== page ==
Second messengers are intracellular signaling molecules released by the cell in response to exposure to extracellular signaling molecules—the first messengers.
Serotonin or 5-hydroxytryptamine (5-HT) is a monoamine neurotransmitter.
SNARE proteins (an acronym derived from "SNAP (Soluble NSF(N-ethylmaleimide-sensitive factor) Attachment Protein) REceptor)" are a large protein complex consisting of at least 24 members in yeasts and more than 60 members in mammalian cells.
A spasm is a sudden involuntary contraction of a muscle, a group of muscles, or a hollow organ such as the heart.
The word stochastic is an adjective in English that describes something that was randomly determined.
Strychnine (also or) is a highly toxic, colorless, bitter, crystalline alkaloid used as a pesticide, particularly for killing small vertebrates such as birds and rodents.
In mathematics, summation (capital Greek sigma symbol: ∑) is the addition of a sequence of numbers; the result is their sum or total.
The sympathetic nervous system (SNS) is one of the two main divisions of the autonomic nervous system, the other being the parasympathetic nervous system.
Synaptic fatigue, or short-term synaptic depression, is an activity-dependent form of short term synaptic plasticity that results in the temporary inability of neurons to fire and therefore transmit an input signal.
In neuroscience, synaptic plasticity is the ability of synapses to strengthen or weaken over time, in response to increases or decreases in their activity.
In a neuron, synaptic vesicles (or neurotransmitter vesicles) store various neurotransmitters that are released at the synapse.
Synaptotagmin 1 (or synaptotagmin) is a Ca2+ sensor in the membrane of the pre-synaptic axon terminal, coded by gene SYT1 (previously SYT) at 12q21.2 (MIM:185605).
Taste buds contain the taste receptor cells, which are also known as gustatory cells.
The thalamic reticular nucleus is part of the ventral thalamus that forms a capsule around the thalamus laterally.
A transistor is a semiconductor device used to amplify or switch electronic signals and electrical power.
In cell biology, a vesicle is a small structure within a cell, or extracellular, consisting of fluid enclosed by a lipid bilayer.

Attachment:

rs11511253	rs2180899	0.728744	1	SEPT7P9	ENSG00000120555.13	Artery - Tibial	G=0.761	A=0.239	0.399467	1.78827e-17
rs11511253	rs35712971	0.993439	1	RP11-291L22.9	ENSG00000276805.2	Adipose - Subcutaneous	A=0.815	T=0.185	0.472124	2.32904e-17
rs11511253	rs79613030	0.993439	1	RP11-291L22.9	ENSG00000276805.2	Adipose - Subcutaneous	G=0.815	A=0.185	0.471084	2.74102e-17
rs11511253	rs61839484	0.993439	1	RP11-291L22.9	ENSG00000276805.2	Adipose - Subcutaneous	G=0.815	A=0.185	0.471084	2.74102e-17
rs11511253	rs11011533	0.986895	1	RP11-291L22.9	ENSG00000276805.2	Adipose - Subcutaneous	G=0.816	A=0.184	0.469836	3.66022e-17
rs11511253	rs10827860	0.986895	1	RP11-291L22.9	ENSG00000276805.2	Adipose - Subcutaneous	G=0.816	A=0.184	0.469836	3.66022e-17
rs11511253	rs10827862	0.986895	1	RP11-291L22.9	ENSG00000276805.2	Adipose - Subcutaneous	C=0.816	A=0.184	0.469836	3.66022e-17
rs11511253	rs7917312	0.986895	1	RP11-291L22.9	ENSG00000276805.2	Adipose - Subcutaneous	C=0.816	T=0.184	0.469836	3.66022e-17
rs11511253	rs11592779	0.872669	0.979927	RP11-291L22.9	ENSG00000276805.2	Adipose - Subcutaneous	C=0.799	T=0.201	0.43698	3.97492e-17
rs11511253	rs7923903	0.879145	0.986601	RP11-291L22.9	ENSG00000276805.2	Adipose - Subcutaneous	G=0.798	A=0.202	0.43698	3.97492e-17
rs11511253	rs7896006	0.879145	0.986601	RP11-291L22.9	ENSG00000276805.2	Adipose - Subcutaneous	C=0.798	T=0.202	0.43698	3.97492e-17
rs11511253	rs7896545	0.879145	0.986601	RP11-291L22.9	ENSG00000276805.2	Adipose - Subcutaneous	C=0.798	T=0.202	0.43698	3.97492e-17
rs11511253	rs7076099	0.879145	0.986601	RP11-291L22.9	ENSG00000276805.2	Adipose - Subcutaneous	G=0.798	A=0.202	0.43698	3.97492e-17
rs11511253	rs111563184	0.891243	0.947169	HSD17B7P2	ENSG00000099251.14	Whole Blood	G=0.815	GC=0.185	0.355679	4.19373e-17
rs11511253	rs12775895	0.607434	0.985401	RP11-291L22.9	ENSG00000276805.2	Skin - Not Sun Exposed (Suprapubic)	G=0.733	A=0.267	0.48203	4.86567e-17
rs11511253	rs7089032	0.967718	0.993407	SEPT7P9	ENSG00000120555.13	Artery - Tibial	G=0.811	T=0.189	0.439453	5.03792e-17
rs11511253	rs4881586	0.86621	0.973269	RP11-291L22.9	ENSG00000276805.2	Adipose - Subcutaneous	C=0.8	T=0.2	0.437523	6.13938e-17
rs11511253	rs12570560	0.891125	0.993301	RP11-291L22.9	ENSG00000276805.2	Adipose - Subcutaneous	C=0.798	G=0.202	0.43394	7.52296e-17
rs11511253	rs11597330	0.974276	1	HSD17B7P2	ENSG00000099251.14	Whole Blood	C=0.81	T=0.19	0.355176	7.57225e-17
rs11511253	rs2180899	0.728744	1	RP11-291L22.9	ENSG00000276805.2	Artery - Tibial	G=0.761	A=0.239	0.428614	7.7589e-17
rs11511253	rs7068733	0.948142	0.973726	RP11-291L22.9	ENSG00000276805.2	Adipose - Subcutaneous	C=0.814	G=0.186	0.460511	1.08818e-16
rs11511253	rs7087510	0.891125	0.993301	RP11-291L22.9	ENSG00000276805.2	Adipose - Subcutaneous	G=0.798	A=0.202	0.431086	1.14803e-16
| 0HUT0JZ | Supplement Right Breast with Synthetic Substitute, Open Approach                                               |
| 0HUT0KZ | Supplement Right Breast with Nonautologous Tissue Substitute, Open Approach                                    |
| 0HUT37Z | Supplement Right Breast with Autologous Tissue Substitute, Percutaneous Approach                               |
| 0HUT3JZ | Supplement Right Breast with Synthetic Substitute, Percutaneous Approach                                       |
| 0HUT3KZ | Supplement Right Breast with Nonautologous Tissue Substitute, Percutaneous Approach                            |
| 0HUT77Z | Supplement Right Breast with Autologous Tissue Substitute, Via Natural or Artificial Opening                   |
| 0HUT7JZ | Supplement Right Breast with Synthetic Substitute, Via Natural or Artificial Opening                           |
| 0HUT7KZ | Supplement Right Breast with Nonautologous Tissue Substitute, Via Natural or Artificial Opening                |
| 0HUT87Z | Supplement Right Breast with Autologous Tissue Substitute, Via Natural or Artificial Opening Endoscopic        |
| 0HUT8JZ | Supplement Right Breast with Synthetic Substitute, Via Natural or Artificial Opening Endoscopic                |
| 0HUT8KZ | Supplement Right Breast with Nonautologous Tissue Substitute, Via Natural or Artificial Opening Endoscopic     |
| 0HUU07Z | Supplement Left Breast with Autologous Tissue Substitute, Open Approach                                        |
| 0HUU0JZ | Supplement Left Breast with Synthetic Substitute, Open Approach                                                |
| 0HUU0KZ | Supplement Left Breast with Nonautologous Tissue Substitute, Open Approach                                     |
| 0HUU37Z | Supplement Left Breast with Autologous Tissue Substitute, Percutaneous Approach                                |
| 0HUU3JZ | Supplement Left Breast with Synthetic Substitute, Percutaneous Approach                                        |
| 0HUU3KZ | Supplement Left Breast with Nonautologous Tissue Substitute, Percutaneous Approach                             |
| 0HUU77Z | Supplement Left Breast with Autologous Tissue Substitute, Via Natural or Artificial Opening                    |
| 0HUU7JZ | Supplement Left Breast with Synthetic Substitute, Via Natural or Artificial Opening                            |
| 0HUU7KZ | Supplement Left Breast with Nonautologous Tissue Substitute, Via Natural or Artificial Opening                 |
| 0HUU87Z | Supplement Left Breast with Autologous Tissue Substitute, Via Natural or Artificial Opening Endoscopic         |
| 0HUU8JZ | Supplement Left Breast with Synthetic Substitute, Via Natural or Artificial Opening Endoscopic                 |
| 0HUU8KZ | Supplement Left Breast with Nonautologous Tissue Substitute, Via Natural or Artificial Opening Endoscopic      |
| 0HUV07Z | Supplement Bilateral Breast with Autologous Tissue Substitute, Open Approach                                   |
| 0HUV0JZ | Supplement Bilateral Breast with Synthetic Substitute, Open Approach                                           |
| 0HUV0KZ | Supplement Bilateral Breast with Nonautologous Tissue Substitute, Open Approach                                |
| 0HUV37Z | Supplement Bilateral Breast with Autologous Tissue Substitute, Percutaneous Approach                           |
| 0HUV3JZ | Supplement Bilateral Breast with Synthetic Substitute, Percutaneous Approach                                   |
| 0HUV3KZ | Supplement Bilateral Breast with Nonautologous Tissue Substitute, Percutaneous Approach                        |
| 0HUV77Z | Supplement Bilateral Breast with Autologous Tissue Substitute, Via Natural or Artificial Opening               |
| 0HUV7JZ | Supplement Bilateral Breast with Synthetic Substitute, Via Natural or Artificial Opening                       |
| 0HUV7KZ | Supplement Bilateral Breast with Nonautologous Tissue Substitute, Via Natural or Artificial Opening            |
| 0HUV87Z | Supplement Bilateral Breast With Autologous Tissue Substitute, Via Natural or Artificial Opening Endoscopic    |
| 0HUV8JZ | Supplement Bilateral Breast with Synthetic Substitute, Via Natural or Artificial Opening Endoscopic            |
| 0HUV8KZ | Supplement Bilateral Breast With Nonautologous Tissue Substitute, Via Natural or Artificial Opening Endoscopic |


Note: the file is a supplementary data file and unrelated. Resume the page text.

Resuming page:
Vesicle fusion is the merging of a vesicle with other vesicles or a part of a cell membrane.
Voltage, electric potential difference, electric pressure or electric tension (formally denoted or, but more often simply as V or U, for instance in the context of Ohm's or Kirchhoff's circuit laws) is the difference in electric potential between two points.
Voltage-gated calcium channels (VGCCs), also known as voltage-dependent calcium channels (VDCCs), are a group of voltage-gated ion channels found in the membrane of excitable cells (e.g., muscle, glial cells, neurons, etc.) with a permeability to the calcium ion Ca2+.
Bouton (synapse), Chemical synapses, Extrasynaptic, Frequency dependence of synapses, Heterotropic modulation, Neurocrine signaling, Post-synaptic, Post-synaptic cell, Post-synaptic receptor-channel, Post-synaptic receptor-channels, Postsynaptic, Postsynaptic cell, Postsynaptic membrane, Postsynaptic neuron, Postsynaptic neurotransmitter receptor, Postsynaptic neurotransmitter receptors, Pre-synaptic, Pre-synaptic neuron, Presynaptic, Presynaptic cell, Presynaptic inhibition, Presynaptic membrane, Presynaptic neuron, Presynaptic terminal, Receptors, presynaptic, Somatodendritic, Synapse biology, Synaptic bouton, Synaptic cleft, Synaptic knob, Synaptic membrane, Synaptic membranes, Synaptic signal, Synaptic strength, Synaptic terminal, Synaptic terminals, Terminal bouton, Terminal boutons.